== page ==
Bao. Fun to say. Fun to eat. And at King Bao, a Mills 50 purveyor of this trendy, if ancient, Asian steamed bun delicacy, cheap. King Bao's fluffy, doughy handhelds are beyond reasonable – $7 for a two-bao combo, $9 for three – and stuff loads of fatty, crunchy, crispy, creamy and a whole bunch of other adjectives into their tender buns. And we didn't write that sentence just to use the phrase "tender buns." Mostly. Try the Inner Harbor (Maryland-style crab cake, Old Bay mustard aioli and scallions) alongside the Glen Rhee (marinated Korean short rib, Asian pear salsa and cilantro). Glen Rhee, by the way, was actor Steven Yeun's Korean character on "The Walking Dead." Add a side of tots, exotic'd up with items like truffle oil, braised pork or vegan-friendly faux bacon or save room for a dessert bao. Good stuff here. Bao-wow!


Kai Asian Street Fare


Since Kai Asian Street Fare exploded onto Orlando's dining scene, the fast-casual option has been winning over hearts and palates with an array of dishes curated from throughout Asia Favorites here include the crispy wings and garlicky garlic noodles, but fans of handhelds may really dig on taco options such as Thai chicken, crunchy cod or crispy/melty fried tofu. Looking for something super decadent? Consider their loaded fries options. The Gojira (love the kaiju nod!) gets bonito flakes, nori and spicy mayo but the over-the-top K-Pop & Lock is an Instagrammers' delight, topped with bulgogi beef, kimchi and spicy mayo.


Saigon Noodle & Grill


This restaurant, among several other Orlando eateries, gained nationwide notoriety when Guy Fieri paid a visit for his show, "Diners, Drive-Ins & Dives," but folks in Orlando (occasionally referred to as Pholando for all the wonderful Vietnamese culinary options available) were already over-the-moon for Saigon Noodle's amazing fare. A vast menu. featuring plenty of options for both vegans and those willing to consume all manner of animal parts, makes choosing difficult, but once you do, disappointment is virtually impossible. Noodle soups, rice dishes, family-style options, you name it - all authentic, all delicious.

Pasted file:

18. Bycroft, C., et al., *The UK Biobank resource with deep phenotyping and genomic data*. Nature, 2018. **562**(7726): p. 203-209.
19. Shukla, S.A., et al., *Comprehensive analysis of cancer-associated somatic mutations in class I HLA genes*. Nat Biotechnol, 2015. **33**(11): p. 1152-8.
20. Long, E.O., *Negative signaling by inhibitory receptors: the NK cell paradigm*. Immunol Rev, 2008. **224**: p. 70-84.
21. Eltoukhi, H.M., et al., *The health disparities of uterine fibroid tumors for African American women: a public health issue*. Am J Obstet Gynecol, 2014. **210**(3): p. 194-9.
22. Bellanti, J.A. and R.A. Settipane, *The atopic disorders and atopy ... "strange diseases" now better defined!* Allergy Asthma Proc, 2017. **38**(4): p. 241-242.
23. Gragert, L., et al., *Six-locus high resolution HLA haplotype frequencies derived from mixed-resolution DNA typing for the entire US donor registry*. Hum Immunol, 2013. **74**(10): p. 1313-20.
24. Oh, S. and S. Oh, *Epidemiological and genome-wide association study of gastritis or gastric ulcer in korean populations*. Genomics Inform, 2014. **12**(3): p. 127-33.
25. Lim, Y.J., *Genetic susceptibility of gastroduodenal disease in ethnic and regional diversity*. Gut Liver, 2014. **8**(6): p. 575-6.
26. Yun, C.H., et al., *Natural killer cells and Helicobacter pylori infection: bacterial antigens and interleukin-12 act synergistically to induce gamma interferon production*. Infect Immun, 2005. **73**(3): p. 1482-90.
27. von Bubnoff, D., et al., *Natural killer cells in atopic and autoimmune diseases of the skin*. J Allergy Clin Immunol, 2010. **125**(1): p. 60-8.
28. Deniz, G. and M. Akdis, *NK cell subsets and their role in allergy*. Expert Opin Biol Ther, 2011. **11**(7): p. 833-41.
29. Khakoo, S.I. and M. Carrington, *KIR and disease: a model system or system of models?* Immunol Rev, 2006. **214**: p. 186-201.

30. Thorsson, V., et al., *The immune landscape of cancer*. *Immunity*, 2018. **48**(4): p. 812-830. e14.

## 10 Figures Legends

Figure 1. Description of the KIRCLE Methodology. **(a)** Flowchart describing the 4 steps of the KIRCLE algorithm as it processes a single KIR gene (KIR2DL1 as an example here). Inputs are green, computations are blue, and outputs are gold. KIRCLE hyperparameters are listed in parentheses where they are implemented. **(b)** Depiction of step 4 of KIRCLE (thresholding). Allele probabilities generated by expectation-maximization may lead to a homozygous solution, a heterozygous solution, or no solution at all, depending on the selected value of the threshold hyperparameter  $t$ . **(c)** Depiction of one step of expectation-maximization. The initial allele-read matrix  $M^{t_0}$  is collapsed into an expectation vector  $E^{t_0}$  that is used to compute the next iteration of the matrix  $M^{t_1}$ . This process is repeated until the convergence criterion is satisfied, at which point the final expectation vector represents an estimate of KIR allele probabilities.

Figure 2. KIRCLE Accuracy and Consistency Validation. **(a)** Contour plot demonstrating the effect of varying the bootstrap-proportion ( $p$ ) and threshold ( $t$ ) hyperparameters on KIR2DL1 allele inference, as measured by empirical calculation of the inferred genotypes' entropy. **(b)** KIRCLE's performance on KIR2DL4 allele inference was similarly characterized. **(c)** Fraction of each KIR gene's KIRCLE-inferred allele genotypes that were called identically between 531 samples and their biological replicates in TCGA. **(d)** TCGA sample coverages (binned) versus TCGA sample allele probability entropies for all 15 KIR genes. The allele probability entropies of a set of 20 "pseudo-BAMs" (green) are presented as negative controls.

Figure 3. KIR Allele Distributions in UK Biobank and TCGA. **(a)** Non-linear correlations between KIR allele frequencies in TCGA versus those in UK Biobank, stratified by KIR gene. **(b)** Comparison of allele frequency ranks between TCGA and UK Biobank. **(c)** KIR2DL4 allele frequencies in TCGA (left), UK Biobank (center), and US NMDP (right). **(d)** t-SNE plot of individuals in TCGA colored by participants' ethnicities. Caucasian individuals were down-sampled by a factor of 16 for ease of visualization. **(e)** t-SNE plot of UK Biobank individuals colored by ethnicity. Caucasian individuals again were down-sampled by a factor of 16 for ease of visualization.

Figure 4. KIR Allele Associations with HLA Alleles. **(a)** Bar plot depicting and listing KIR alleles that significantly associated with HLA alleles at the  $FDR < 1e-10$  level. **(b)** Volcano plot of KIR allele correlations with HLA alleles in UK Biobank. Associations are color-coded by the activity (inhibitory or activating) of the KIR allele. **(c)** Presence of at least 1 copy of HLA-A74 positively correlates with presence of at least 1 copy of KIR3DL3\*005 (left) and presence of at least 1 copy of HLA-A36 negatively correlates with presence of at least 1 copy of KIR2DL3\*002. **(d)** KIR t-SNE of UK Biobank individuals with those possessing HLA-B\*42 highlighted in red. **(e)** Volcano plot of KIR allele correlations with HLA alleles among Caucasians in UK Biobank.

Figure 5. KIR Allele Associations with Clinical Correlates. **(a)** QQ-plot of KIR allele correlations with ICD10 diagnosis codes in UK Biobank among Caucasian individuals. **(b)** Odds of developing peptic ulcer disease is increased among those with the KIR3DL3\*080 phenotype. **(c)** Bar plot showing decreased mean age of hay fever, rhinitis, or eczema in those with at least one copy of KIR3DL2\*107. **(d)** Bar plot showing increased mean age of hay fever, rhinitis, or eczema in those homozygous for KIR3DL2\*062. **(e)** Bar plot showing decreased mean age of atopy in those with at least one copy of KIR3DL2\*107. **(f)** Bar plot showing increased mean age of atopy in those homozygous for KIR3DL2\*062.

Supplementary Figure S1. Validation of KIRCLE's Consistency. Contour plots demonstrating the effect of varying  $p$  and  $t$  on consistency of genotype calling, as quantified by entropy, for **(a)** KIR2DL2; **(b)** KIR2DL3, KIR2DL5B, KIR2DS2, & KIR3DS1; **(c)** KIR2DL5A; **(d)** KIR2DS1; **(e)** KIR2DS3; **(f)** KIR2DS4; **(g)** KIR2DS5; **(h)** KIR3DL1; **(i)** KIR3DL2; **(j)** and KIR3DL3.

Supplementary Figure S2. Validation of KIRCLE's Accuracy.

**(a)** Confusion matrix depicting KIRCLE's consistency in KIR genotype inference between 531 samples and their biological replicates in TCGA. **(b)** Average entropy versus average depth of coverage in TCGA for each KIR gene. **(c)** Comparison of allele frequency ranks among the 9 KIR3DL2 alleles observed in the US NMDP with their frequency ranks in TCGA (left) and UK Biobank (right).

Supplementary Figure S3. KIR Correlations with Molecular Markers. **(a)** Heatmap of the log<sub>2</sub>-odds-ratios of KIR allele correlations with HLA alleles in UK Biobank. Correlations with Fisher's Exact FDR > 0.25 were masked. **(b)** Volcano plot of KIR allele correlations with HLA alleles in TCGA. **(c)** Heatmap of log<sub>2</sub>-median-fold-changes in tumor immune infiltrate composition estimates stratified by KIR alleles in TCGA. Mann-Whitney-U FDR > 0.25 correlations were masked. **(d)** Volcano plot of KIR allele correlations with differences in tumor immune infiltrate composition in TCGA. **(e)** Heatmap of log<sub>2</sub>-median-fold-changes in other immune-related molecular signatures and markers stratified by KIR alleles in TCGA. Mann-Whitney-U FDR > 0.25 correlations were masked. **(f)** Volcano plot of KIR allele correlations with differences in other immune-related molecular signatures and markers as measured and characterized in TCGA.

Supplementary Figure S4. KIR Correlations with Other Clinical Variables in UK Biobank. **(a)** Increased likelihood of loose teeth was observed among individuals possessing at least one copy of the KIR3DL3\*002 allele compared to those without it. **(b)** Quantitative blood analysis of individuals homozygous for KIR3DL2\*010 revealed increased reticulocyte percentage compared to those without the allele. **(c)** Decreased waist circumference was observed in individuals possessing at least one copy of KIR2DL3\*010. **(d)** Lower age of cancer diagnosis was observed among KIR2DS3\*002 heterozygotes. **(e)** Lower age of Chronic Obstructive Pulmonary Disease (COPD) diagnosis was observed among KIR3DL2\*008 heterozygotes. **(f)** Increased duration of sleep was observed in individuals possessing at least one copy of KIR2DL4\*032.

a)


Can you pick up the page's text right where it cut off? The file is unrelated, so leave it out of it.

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Audubon Park


There's a word we want to use about Domu's phenomenal curry ramen (the other varieties are palate stunners, as well) but we're not sure how to spell that noise Homer Simpson makes when he is particularly food-enthralled. Ramen, the bowls are definitely shareable, and and an array of beautifully plated pan-Asian offerings are what all the fuss is about at Domu, and the fare is definitely fuss-worthy. You can level-up your bowl with adds on including fried chicken thighs and braised pork belly, or skip the soup and go for some crispy wings or the "cheezus," a gloopy-wonderful cheesy bowl comprised, in part, of melted mozzarella, mayo, fresh roasted corn and Japanese spices.




Its air-conditioned confines may be miles away from the sultry Southeast Asian climes in which one would enjoy the layered flavors of the Malaysian food stalls for which it is named, but Mamak Asian Street Food's plates, small and large, are an exotic journey without the plane fare. From the familiar (spring rolls, street tacos) to items the less adventurous might deem out-there (fish balls, curry gravies) its menu culls from various Asian nations creating a mix of flavors that beg to be sampled. A central location in Mills 50 makes exploration of the neighborhood a pleasant to-do, pre-dinner or post-lunch.




Sophisticated, spicy and authentic are words you'll often hear associated with Chuan Lu Yuan, a Mills 50-outpost so popular it can keep its doors open 'til 2 a.m! We'd add colorful, flavorful, aromatic and delicious, though it's likely all been said before. Chuan Lu Yuan serves Szechuan dishes, many of which will seem delightfully new to folks more accustomed to Americanized Chinese fare. Hot pots, hand-pulled noodle soups, an array of dishes for the adventurous culinary explorer. While there are options available for those less interested in straying outside their comfort zones, we recommend you bring several bold dining companions (more people = more dishes to sample!), ask lots of questions and taste, taste, taste.


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Meet A.D. Thompson

Amy Drew has spent nearly three decades as a professional writer and roughly half her life as a Floridian. The words, she has found, come easier with bare feet and rum.